Understanding this movement’s success requires seeing that the WVEA and AFT-WV, which ostensibly spoke for teachers and other school workers, failed to tap into or build this labor consciousness. Instead of mobilizing actions that addressed anger at poor wages, the unions’ strategy was to court state politicians with donations and votes. As I learned in conversations over the past several months, the activists who built the grassroots movement, many of them socialists, believed that traditional labor tactics, ranging from rallies to walkouts, were essential and that their colleagues throughout the state would respond.
They were right. The movement developed at breathtaking speed. Protests and local walkouts expanded to a state-wide strike and mass protests in the state Capitol. Teachers and school workers confronted legislators who had failed to raise wages while rising healthcare costs cut into teachers’ paychecks. At each step, the movement has made demands on the union and prepared to carry out actions without union endorsement or help. In the process they have gone far in making the union carry out its responsibilities to them—and to public education. A key concern of teachers is that by keeping wages so low, West Virginia has created a teacher “shortage” that it has “solved” by allowing people who have no preparation to teach to become teachers—a strategy being adopted in many other states.
The West Virginia struggle has mirrored the energy of the 2012 Chicago Teachers Union strike, which electrified teachers throughout the world and set a new standard for militant union action in the U.S. But it also resembles what occurred in Madison, Wisc., when public employees, with teachers in the forefront, took their defense of collective bargaining to the state legislature, occupying the seat of power. Labor was badly bruised in that battle because workers did what union officials instructed: They disbanded the protest and channeled power into recalling Gov. Scott Walker. The alternative would have been maintaining the strike while building more public support by expanding their political program beyond collective bargaining, to other economic and political rights that have been attacked.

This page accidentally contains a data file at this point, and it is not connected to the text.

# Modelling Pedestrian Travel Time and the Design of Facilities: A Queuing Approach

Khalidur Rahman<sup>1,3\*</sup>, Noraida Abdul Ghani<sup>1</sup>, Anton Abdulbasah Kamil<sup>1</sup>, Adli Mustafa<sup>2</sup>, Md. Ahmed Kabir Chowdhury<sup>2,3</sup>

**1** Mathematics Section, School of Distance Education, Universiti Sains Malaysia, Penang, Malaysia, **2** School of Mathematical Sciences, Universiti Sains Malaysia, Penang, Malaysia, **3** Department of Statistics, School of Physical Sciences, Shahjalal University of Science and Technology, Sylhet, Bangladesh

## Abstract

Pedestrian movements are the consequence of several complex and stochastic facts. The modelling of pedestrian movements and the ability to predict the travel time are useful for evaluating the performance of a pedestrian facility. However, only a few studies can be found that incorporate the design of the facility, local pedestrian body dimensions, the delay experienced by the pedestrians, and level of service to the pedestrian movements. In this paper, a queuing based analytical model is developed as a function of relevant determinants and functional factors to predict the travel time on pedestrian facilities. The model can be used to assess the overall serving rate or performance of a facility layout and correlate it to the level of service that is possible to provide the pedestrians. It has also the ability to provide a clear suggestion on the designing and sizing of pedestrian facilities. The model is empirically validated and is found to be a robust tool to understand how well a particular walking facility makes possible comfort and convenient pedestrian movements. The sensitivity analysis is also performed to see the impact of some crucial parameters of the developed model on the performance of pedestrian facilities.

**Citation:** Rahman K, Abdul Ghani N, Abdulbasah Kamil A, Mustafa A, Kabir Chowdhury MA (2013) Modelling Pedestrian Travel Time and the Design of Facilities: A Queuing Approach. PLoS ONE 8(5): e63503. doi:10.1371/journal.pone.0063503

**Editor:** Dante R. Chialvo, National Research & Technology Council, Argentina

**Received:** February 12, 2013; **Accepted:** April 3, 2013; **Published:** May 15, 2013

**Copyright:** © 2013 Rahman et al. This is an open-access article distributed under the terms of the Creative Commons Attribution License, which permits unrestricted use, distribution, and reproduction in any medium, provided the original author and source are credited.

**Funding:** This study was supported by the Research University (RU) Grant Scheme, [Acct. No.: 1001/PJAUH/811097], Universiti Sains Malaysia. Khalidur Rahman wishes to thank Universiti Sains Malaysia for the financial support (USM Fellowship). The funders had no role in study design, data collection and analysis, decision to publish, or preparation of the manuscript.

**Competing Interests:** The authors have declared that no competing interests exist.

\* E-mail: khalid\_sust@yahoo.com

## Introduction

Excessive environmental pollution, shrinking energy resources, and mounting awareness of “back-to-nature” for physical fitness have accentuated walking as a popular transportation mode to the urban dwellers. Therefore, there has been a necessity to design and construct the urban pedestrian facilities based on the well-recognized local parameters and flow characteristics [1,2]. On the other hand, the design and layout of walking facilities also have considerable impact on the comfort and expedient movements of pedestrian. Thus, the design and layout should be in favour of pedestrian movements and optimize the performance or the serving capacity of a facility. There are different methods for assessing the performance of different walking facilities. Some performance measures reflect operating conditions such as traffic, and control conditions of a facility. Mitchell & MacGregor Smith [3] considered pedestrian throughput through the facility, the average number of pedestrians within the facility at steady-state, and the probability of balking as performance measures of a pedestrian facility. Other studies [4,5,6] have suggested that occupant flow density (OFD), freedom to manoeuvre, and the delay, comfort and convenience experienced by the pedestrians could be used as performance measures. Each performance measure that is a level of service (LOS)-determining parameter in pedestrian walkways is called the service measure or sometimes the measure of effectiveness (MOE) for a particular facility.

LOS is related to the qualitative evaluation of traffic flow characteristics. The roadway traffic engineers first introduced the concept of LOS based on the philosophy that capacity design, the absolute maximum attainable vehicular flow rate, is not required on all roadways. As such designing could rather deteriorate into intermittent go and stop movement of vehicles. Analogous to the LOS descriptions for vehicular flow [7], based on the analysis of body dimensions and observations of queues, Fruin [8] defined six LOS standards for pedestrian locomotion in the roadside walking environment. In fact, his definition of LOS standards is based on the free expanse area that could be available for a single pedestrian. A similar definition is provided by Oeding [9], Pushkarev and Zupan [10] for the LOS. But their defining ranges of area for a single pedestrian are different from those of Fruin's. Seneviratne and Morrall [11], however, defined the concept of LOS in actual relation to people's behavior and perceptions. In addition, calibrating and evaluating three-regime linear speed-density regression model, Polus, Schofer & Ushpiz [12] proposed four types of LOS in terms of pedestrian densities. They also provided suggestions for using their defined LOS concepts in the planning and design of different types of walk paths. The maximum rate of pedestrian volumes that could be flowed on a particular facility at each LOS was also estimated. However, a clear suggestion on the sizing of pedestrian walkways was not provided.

This same choice confronts the movement in West Virginia. One logical expansion of their political struggle is to demand more progressive funding for schools and a statewide “single payer” health plan to cover medical care for everyone in the state. Public employees who face higher healthcare costs will find natural allies in parents who cannot afford insurance or are worried about cutbacks to Medicaid and Medicare because the fight will be to alleviate health care costs for everyone, rather than only protecting costs for public employees. Such an alliance would join the growing movement within labor for “Medicare for all,” a struggle that requires taking on Democrats who won’t break with their party leadership’s rejection of “single payer” as unrealistic. The demand can also weaken the grip of Republicans who won’t break with the GOP’s—and Trump‘s—refusal to fund healthcare as a human right.
Officers of large public employee unions say that Janus has caused deep introspection and change. While public employee unions are reaching out to “involve,” “engage” and “hear” members, the need for the self-organization of workers is seldom expressed in this narrative of change—except in unions in which reform caucuses have won leadership, like the Massachusetts Teachers Association.
The consciousness and capacity of workers to organize at the work site is what will save labor. West Virginia’s school employees have demonstrated what workers’ power looks like without collective bargaining or the right to strike. Their lesson is clear to the unions: Either fight for the dignity of work and workers or move over and let others show you how it’s done.
Lois Weiner is a professor of education at New Jersey City University who is on the editorial board of New Politics. Her newest book is The Future of Our Schools: Teachers Unions and Social Justice .